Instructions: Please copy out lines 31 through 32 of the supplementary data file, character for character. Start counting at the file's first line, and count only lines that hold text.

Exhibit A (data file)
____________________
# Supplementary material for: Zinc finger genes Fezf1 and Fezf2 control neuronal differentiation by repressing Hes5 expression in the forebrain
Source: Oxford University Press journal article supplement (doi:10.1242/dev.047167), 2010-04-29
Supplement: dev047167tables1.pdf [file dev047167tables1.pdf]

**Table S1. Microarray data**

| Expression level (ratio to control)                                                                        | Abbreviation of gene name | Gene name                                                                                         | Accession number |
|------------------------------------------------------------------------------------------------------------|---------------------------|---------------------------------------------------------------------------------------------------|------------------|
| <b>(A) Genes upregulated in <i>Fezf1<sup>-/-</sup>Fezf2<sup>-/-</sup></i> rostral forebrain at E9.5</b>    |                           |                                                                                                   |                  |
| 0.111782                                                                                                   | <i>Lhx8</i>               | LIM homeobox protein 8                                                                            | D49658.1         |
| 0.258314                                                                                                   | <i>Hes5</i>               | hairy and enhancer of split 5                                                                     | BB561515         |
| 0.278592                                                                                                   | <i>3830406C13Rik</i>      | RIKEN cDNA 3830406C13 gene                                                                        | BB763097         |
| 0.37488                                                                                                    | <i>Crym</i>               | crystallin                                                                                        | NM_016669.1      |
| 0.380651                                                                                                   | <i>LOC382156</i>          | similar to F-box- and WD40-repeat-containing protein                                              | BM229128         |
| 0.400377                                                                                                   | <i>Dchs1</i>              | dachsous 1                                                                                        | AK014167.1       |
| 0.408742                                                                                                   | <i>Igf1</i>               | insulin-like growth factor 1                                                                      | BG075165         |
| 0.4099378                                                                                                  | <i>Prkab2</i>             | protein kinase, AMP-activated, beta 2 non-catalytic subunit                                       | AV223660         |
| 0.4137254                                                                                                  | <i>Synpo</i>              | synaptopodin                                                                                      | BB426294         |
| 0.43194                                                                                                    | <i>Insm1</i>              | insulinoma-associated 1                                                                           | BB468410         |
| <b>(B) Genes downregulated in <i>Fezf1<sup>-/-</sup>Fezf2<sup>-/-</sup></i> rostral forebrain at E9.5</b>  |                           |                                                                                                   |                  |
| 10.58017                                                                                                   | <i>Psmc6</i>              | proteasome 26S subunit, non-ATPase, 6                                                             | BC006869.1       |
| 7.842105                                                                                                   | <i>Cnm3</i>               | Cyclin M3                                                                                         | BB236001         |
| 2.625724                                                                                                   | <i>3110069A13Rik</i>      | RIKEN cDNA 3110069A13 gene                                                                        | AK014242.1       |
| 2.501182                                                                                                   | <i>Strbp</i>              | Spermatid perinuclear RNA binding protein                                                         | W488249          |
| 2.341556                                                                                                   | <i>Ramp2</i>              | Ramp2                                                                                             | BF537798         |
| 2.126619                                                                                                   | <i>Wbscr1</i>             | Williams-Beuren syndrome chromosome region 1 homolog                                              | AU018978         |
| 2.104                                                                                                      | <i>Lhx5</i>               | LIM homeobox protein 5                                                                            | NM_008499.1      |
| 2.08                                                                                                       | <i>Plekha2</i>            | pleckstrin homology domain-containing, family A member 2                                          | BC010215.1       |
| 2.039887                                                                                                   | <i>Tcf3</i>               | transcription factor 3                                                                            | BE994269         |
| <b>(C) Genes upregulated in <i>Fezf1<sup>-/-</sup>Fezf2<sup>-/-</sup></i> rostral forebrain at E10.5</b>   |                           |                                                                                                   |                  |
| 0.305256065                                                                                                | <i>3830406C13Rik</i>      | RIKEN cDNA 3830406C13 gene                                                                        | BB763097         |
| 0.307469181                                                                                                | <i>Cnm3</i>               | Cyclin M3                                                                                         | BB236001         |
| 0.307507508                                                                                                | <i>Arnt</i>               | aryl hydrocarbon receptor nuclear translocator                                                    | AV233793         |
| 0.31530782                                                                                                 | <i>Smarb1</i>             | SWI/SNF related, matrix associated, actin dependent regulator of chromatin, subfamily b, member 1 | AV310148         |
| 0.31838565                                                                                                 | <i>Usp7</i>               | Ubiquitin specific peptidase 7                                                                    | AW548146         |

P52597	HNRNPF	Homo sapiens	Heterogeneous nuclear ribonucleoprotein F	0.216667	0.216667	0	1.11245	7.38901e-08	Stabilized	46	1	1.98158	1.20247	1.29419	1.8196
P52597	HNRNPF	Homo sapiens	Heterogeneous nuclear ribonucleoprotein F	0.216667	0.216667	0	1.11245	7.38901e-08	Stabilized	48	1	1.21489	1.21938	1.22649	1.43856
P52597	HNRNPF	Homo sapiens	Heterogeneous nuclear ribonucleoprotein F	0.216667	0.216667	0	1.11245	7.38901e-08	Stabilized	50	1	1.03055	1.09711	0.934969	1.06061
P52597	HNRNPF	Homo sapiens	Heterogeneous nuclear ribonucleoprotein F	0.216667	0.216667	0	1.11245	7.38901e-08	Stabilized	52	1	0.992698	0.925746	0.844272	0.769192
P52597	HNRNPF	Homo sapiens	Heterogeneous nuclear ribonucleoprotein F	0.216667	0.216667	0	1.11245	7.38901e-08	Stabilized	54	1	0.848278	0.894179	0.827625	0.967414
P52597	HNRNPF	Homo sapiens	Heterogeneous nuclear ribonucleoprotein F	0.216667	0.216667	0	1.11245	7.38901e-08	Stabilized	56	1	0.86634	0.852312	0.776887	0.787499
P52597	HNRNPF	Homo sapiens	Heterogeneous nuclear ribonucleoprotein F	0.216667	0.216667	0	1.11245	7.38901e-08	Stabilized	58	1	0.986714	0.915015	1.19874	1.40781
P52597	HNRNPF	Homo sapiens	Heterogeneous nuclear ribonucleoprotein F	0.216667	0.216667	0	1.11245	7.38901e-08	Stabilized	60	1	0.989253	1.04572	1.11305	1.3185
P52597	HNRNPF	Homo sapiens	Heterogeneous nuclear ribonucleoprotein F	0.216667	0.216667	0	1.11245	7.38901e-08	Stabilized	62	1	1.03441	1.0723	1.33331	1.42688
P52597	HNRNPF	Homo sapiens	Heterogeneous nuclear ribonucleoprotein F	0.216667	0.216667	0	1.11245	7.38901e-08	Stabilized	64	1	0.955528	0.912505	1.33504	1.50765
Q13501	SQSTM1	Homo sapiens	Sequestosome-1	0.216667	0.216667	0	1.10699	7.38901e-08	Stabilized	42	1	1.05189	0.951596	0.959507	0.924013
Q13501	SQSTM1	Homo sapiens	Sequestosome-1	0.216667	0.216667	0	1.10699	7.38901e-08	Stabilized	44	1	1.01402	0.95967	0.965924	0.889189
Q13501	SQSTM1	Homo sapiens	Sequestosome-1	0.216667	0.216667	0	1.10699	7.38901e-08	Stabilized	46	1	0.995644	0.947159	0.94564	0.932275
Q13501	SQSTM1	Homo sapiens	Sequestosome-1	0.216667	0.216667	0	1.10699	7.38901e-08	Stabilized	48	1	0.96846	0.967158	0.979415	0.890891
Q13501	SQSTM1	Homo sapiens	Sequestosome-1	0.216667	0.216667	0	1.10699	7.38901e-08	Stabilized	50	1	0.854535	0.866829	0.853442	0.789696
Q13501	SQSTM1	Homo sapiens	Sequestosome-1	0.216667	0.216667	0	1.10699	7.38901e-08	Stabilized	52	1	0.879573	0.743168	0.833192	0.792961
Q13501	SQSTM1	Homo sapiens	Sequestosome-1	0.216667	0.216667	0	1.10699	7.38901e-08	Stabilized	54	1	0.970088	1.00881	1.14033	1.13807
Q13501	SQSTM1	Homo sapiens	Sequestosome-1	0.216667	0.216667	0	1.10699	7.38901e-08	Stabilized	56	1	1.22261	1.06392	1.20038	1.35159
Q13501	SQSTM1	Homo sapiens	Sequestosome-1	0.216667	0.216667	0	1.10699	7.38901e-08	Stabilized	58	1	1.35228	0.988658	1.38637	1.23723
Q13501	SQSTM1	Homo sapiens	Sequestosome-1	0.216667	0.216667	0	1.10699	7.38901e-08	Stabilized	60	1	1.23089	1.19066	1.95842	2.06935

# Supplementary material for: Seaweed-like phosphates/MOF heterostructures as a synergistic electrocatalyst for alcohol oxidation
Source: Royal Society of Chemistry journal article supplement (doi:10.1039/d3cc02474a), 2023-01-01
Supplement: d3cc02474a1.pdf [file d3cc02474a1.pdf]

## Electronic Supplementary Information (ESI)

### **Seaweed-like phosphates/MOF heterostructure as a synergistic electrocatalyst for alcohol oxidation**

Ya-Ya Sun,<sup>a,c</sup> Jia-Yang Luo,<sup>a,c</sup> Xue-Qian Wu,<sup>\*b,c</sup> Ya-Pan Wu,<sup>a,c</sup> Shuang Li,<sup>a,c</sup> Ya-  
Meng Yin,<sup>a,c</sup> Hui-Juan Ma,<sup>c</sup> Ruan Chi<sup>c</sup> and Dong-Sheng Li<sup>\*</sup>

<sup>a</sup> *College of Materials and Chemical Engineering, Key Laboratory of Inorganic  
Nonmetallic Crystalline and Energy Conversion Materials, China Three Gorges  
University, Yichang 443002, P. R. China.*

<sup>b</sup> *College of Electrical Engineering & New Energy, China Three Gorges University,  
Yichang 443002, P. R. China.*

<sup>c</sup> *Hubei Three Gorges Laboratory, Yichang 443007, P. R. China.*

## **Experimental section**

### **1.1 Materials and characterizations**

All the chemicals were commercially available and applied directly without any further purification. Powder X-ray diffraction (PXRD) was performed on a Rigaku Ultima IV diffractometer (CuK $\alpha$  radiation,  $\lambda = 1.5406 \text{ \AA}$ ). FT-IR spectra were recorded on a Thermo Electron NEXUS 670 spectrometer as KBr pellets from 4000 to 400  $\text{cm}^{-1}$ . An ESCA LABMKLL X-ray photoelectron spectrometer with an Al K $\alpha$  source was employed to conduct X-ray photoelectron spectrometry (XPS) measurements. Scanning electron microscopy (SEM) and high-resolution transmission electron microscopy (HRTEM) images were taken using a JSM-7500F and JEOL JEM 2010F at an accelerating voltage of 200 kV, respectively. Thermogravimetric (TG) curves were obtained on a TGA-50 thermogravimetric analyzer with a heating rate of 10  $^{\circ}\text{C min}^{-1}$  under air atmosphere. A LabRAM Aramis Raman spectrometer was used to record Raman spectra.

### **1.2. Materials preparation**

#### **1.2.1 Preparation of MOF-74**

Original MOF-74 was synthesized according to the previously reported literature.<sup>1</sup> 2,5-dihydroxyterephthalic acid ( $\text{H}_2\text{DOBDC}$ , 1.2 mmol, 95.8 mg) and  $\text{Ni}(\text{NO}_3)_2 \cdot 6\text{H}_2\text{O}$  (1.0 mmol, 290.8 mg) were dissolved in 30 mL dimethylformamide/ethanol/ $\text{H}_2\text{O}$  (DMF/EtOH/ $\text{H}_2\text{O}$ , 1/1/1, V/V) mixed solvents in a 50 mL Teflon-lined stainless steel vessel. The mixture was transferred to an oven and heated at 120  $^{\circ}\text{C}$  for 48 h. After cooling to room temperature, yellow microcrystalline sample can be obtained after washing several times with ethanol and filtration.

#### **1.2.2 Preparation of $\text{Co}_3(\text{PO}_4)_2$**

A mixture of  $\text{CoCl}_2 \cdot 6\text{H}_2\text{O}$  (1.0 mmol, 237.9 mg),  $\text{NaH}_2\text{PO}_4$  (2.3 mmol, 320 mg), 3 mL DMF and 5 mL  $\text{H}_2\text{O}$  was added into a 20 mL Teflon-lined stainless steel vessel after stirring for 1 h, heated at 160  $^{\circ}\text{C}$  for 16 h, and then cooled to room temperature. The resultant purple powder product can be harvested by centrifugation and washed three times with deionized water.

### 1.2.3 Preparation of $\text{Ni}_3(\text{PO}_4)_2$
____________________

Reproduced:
| 0.307507508                                                                                                | <i>Arnt</i>               | aryl hydrocarbon receptor nuclear translocator                                                    | AV233793         |
| 0.31530782                                                                                                 | <i>Smarb1</i>             | SWI/SNF related, matrix associated, actin dependent regulator of chromatin, subfamily b, member 1 | AV310148         |